It’s 1973 – As if a spectacular imprimatur were needed to thrust Title IX into public consciousness, on September 20 the most hyped “Battle of the Sexes” tennis exhibition match was played between Billie Jean King and Bobby Riggs. It is “often credited with sparking a boom in women’s sports.” ( Some 30,000 fans in Houston’s Astrodome plus an estimated 90 million TV viewers, watched the 29-year-old King “eviscerate” the 55-year-old former Wimbledon champion, 6-4, 6-3, 6-3.  Following this 1973 win, King’s superstar status in the US skyrocketed with endorsements and opportunities to found a women’s players union, sports magazine, advocacy group, team tennis league, win multiple major titles, and of course the crowning achievement, the opening of the USTA Billie Jean King National Tennis Center in Flushing Meadows, New York. (2006)

It’s 2014 – While most of us will not encounter such male/female public drama or fabulous tennis fame, we all have the opportunity to play the game we love. Many of the young women I now meet on the tennis courts have come through high school and college as bona-fide beneficiaries of Title IX. They have played competitive tennis as well as other sports. Some have heard about Title IX; others don’t know it at all, having taken the student/athlete role as a given, (was life ever any different?) and why not?  Would they ever believe that high school girls of some 50 years ago accepted the Pep Club and cheerleading as “what the girls did” and thought little of the boys’ potential fame and fortune (think athletic scholarships) as they played football, basketball, golf, baseball, and wrestled and ran.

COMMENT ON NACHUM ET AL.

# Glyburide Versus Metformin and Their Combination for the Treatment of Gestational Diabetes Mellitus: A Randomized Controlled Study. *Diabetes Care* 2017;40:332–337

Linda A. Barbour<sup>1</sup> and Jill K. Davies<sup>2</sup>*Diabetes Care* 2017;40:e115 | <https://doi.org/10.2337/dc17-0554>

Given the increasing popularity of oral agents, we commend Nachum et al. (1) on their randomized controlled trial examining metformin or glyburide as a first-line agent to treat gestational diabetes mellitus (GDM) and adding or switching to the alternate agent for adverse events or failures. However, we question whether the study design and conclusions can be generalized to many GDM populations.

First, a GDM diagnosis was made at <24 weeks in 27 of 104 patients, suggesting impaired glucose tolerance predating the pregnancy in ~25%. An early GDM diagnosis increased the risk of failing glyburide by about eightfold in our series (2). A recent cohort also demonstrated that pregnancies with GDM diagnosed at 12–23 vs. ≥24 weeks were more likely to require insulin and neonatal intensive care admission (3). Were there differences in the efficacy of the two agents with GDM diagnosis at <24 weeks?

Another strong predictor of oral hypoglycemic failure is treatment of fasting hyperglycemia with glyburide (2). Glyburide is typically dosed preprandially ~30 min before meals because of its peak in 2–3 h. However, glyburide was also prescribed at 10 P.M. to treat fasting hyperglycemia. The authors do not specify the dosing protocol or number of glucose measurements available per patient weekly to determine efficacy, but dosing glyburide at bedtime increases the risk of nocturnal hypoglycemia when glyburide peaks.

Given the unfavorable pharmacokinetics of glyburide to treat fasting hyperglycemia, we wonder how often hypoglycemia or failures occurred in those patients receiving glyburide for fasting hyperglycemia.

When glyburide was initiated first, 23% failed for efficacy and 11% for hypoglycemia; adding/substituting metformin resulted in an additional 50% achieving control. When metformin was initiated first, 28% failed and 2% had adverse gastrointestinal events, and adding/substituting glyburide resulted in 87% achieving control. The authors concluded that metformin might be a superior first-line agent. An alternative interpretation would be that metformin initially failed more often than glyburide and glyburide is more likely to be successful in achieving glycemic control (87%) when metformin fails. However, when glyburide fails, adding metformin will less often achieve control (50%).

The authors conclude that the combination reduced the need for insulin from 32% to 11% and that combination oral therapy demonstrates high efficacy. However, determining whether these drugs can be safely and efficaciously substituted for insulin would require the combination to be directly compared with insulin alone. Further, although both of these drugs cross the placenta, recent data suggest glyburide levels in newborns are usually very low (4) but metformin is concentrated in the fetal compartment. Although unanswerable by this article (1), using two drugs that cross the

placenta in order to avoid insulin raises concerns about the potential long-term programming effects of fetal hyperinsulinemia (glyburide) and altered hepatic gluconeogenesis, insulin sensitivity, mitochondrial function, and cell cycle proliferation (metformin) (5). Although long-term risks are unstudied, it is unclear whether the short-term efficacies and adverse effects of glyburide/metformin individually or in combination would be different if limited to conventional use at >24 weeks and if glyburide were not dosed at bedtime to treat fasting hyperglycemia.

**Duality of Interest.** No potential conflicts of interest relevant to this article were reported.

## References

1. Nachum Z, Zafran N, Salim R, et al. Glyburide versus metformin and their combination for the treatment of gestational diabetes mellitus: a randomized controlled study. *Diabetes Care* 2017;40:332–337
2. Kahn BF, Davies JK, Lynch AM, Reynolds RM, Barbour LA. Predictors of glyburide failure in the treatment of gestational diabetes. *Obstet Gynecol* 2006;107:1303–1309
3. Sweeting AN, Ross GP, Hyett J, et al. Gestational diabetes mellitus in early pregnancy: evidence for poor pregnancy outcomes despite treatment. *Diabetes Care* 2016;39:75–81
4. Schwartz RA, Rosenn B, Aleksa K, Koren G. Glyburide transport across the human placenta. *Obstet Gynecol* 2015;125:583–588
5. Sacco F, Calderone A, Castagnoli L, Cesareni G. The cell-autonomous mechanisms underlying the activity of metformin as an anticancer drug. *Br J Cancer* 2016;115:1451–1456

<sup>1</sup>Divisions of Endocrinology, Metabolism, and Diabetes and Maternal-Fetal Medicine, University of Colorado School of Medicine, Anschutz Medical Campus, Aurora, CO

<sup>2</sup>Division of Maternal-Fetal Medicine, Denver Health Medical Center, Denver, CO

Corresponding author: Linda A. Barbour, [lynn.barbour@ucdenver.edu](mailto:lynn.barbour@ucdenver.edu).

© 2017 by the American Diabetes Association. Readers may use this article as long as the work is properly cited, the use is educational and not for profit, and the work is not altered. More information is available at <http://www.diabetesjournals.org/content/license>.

I ponder these memories not in resentment, but in quiet satisfaction that equal access is here to stay, and the world of women’s sports is based largely on talent, determination, ability, and family support, not de facto exclusion by gender.

As an older tennis player, having been introduced to this incredible sport in 2001, I can only guess where I would be today had competitive sports such as tennis or track been open to me fifty years ago. In the last 2 years I have also started running in area 5K’s, making some inroads in this sport as I occasionally place in my age group. This running, by the way, has helped me move a little better on the court, especially when playing those challenging singles’ matches against my 18-year-old opponents. I tell everyone that “I’m having my Title IX now” and I'm thankful for it!

Carpe Diem!